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Gov’t to set up regional cancer treatment centres

Government will set up cancer treatment centres in Arua and Mbale referral hospitals to treat different types of cancers prevalent in the country.

In addition to the centres in Arua in West Nile and Mbale in eastern Uganda, there is another cancer treatment centre already operational in Mbarara Regional Referral Hospital, all of which will decongest the Uganda Cancer Institute in Mulago.

Responding to a question asked by Mbale Municipality MP Hon. Jack Wamanga Wamai, the Minister of State for Health (General Duties), Hon. Sarah Opendi, said government had taken steps in line with the World Health Organization recommendation to adopt a planned response to the cancer crisis by initiating a Comprehensive National Cancer Control Programme.

These facilities aim to help in decentralizing cancer treatment services as well as decongest the Uganda Cancer Institute, said Opendi during the plenary sitting of Parliament on Wednesday, 26 September 2018.

Wamanga Wamai asked the Minister to explain what the government was doing to mitigate the rampant increase of cancer cases in the country.

Members also asked the Minister about efforts by the Ministry of Health to extend early detection of cancer to school going children and mothers in rural areas.

When a person is screened and found to have cancer, they are usually told that it is at an advanced stage. That is why very many of our people are dying of cancer, said Hon Gilbert Olanya (FDC, Kilak South County).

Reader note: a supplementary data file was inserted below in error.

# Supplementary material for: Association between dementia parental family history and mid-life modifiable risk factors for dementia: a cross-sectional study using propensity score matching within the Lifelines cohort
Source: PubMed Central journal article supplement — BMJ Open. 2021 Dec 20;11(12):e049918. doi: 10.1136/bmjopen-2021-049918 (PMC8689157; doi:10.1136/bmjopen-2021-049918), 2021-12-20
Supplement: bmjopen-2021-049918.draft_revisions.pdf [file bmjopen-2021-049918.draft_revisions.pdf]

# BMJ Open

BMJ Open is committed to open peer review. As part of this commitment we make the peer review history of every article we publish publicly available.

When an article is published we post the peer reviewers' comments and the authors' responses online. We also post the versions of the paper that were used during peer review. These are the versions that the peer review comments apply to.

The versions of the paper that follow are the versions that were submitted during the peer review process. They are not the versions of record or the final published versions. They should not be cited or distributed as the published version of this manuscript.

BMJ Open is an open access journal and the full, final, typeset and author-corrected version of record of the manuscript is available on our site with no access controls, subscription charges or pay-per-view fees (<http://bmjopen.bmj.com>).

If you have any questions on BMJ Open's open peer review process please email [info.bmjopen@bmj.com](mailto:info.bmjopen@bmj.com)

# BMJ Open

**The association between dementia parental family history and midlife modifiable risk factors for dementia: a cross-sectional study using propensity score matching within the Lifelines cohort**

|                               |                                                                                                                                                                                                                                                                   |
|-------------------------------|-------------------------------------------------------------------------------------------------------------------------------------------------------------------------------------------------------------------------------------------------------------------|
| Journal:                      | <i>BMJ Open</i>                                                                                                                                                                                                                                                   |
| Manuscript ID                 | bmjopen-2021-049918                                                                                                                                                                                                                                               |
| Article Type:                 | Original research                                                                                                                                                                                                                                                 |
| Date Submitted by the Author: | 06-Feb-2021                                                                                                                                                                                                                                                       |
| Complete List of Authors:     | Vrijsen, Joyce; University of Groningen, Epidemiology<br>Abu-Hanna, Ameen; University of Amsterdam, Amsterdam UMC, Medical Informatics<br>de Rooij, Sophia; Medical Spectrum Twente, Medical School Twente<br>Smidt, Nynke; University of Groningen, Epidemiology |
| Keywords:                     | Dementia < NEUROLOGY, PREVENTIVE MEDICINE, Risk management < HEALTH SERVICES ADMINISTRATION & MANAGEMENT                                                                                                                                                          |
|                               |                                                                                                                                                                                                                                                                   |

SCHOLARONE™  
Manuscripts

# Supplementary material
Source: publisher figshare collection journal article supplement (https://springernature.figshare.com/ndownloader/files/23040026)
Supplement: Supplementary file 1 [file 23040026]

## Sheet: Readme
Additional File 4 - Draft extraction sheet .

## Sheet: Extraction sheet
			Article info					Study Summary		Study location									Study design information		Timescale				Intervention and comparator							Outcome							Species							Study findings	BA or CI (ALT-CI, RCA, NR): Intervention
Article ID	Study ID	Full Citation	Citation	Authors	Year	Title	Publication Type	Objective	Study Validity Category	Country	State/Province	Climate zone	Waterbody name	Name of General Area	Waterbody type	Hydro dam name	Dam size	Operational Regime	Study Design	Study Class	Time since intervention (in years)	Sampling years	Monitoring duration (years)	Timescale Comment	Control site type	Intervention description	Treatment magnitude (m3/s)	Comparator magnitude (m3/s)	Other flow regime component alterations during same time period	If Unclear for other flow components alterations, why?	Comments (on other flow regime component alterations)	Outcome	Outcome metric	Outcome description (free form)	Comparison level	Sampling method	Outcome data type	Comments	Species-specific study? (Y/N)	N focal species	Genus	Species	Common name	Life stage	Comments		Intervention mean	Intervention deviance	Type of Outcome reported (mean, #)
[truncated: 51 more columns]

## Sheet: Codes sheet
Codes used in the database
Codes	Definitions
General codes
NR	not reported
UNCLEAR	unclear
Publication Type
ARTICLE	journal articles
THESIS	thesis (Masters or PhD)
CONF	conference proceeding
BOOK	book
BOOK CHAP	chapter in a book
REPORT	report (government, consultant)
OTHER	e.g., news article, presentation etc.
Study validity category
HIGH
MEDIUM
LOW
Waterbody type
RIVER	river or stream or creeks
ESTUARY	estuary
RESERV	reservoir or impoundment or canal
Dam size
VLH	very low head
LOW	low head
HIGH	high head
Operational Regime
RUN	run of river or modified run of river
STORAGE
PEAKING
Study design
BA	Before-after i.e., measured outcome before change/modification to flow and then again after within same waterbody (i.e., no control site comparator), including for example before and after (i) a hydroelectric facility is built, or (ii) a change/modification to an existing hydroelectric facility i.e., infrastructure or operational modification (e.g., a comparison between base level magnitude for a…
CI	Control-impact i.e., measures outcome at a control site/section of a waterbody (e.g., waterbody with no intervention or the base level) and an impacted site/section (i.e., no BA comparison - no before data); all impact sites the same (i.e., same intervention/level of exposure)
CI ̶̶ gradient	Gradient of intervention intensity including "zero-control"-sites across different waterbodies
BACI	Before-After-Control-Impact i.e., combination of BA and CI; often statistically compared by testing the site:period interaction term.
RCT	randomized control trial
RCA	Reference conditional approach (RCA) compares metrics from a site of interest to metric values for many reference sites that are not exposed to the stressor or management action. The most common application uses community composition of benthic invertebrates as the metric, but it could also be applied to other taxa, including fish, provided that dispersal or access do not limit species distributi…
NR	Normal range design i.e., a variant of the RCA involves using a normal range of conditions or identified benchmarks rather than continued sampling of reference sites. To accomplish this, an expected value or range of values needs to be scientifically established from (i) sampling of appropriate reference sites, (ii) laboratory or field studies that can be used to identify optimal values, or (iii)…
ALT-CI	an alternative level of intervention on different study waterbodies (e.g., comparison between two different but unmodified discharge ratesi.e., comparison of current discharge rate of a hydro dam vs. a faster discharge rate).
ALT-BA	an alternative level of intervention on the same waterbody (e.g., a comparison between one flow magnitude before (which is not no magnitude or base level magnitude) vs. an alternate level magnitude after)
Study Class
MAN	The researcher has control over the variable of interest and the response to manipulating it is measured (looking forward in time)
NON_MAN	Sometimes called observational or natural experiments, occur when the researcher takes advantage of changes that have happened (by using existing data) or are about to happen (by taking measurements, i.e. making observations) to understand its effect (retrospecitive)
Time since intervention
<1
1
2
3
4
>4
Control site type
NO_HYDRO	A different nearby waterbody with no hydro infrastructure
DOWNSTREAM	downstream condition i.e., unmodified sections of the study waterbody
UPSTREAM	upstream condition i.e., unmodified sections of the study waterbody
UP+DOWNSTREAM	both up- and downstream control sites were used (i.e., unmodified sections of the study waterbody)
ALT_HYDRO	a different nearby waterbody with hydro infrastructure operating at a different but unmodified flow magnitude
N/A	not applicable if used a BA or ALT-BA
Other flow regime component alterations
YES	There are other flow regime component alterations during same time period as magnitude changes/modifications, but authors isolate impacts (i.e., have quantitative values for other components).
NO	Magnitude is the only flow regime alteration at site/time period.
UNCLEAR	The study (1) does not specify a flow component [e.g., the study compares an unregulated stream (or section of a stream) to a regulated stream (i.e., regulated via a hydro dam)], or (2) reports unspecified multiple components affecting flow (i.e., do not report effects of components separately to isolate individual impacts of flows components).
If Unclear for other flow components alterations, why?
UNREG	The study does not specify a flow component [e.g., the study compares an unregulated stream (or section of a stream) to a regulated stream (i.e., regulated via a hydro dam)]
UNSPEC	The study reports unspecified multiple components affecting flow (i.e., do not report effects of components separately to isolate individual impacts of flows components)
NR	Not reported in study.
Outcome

The Minister said that the Comprehensive National Cancer Control Programme would also include comprehensive care delivery with a National Cancer Centre of Excellence at the centre, a comprehensive cancer service network, cancer research, and a national policy on cancer.

The Minister said that the Ministry acknowledges the burden and threat of cancer and other non-communicable diseases, with a major commitment to address them.

Opendi however said that many Ugandans had ignored advice from the Ministry and partner health programmes to go for early cancer screening, adding that some had instead resorted to traditional methods to try treat the condition.

We have trained midwives across the country to detect cancer [of the cervix], such that one does not need to move to the cancer institute or a regional referral hospital to carry out cancer screening, Opendi said.

She appealed to parents to vaccinate their children against Hepatitis B, which she said poses a risk of cancer of the liver. She added that vaccination is part of the routine childhood immunization schedule that all children are supposed to complete by their first birthday.

Opendi also said that government had rolled out the Rotavirus vaccine into the routine immunization schedule in June 2018, to protect children under five years from diarrhoea.

She said that the Rotavirus infection was the leading cause of diarrhoea in children under five and could sometimes lead to death. She said the Ministry of Health had embarked on a sensitization campaign to enlighten the population and health workers about appropriate administration of the vaccines.

On fistula, in response to a question by Hon. Grace Kasande (Rubirizi district), Minister Opendi said government interventions to procure fistula repair equipment for health facilities across the country and training of teams for fistula repair, had resulted in progressive reductions in the prevalence of condition.

Source: Parliament of Uganda

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